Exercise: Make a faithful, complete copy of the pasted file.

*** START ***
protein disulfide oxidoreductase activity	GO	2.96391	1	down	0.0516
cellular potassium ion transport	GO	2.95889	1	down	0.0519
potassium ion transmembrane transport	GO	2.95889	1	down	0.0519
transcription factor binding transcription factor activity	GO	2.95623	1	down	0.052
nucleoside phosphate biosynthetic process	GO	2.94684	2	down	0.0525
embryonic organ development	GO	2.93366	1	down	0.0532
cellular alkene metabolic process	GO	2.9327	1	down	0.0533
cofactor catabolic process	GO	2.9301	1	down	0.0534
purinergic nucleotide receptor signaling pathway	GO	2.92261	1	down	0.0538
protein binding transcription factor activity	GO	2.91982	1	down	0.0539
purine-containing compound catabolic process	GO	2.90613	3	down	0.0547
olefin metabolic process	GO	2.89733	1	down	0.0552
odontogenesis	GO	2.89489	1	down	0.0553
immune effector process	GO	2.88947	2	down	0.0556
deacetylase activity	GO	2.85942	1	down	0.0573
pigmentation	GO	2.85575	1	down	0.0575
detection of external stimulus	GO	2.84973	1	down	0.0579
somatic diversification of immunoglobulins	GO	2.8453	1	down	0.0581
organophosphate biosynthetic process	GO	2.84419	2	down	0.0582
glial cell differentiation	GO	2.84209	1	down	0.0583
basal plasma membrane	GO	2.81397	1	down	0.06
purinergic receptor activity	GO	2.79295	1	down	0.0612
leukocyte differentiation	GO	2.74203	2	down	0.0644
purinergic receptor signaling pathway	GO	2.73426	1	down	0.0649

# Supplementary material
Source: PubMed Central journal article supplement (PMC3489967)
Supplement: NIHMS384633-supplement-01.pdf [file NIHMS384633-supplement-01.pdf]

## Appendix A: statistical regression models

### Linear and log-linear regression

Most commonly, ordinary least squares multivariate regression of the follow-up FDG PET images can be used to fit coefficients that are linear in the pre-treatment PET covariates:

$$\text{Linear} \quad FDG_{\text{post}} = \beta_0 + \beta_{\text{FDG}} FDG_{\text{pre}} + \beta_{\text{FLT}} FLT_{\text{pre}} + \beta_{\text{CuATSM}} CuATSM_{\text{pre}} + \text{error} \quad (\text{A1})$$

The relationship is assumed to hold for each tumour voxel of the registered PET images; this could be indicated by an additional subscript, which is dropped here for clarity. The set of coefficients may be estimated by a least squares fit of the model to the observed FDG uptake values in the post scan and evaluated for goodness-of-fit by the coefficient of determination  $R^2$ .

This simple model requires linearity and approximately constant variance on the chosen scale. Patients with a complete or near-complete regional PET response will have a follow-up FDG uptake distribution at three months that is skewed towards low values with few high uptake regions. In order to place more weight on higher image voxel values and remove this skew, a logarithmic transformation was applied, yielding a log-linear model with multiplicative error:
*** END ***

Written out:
protein disulfide oxidoreductase activity	GO	2.96391	1	down	0.0516
cellular potassium ion transport	GO	2.95889	1	down	0.0519
potassium ion transmembrane transport	GO	2.95889	1	down	0.0519
transcription factor binding transcription factor activity	GO	2.95623	1	down	0.052
nucleoside phosphate biosynthetic process	GO	2.94684	2	down	0.0525
embryonic organ development	GO	2.93366	1	down	0.0532
cellular alkene metabolic process	GO	2.9327	1	down	0.0533
cofactor catabolic process	GO	2.9301	1	down	0.0534
purinergic nucleotide receptor signaling pathway	GO	2.92261	1	down	0.0538
protein binding transcription factor activity	GO	2.91982	1	down	0.0539
purine-containing compound catabolic process	GO	2.90613	3	down	0.0547
olefin metabolic process	GO	2.89733	1	down	0.0552
odontogenesis	GO	2.89489	1	down	0.0553
immune effector process	GO	2.88947	2	down	0.0556
deacetylase activity	GO	2.85942	1	down	0.0573
pigmentation	GO	2.85575	1	down	0.0575
detection of external stimulus	GO	2.84973	1	down	0.0579
somatic diversification of immunoglobulins	GO	2.8453	1	down	0.0581
organophosphate biosynthetic process	GO	2.84419	2	down	0.0582
glial cell differentiation	GO	2.84209	1	down	0.0583
basal plasma membrane	GO	2.81397	1	down	0.06
purinergic receptor activity	GO	2.79295	1	down	0.0612
leukocyte differentiation	GO	2.74203	2	down	0.0644
purinergic receptor signaling pathway	GO	2.73426	1	down	0.0649

# Supplementary material
Source: PubMed Central journal article supplement (PMC3489967)
Supplement: NIHMS384633-supplement-01.pdf [file NIHMS384633-supplement-01.pdf]

## Appendix A: statistical regression models

### Linear and log-linear regression

Most commonly, ordinary least squares multivariate regression of the follow-up FDG PET images can be used to fit coefficients that are linear in the pre-treatment PET covariates:

$$\text{Linear} \quad FDG_{\text{post}} = \beta_0 + \beta_{\text{FDG}} FDG_{\text{pre}} + \beta_{\text{FLT}} FLT_{\text{pre}} + \beta_{\text{CuATSM}} CuATSM_{\text{pre}} + \text{error} \quad (\text{A1})$$

The relationship is assumed to hold for each tumour voxel of the registered PET images; this could be indicated by an additional subscript, which is dropped here for clarity. The set of coefficients may be estimated by a least squares fit of the model to the observed FDG uptake values in the post scan and evaluated for goodness-of-fit by the coefficient of determination  $R^2$ .

This simple model requires linearity and approximately constant variance on the chosen scale. Patients with a complete or near-complete regional PET response will have a follow-up FDG uptake distribution at three months that is skewed towards low values with few high uptake regions. In order to place more weight on higher image voxel values and remove this skew, a logarithmic transformation was applied, yielding a log-linear model with multiplicative error: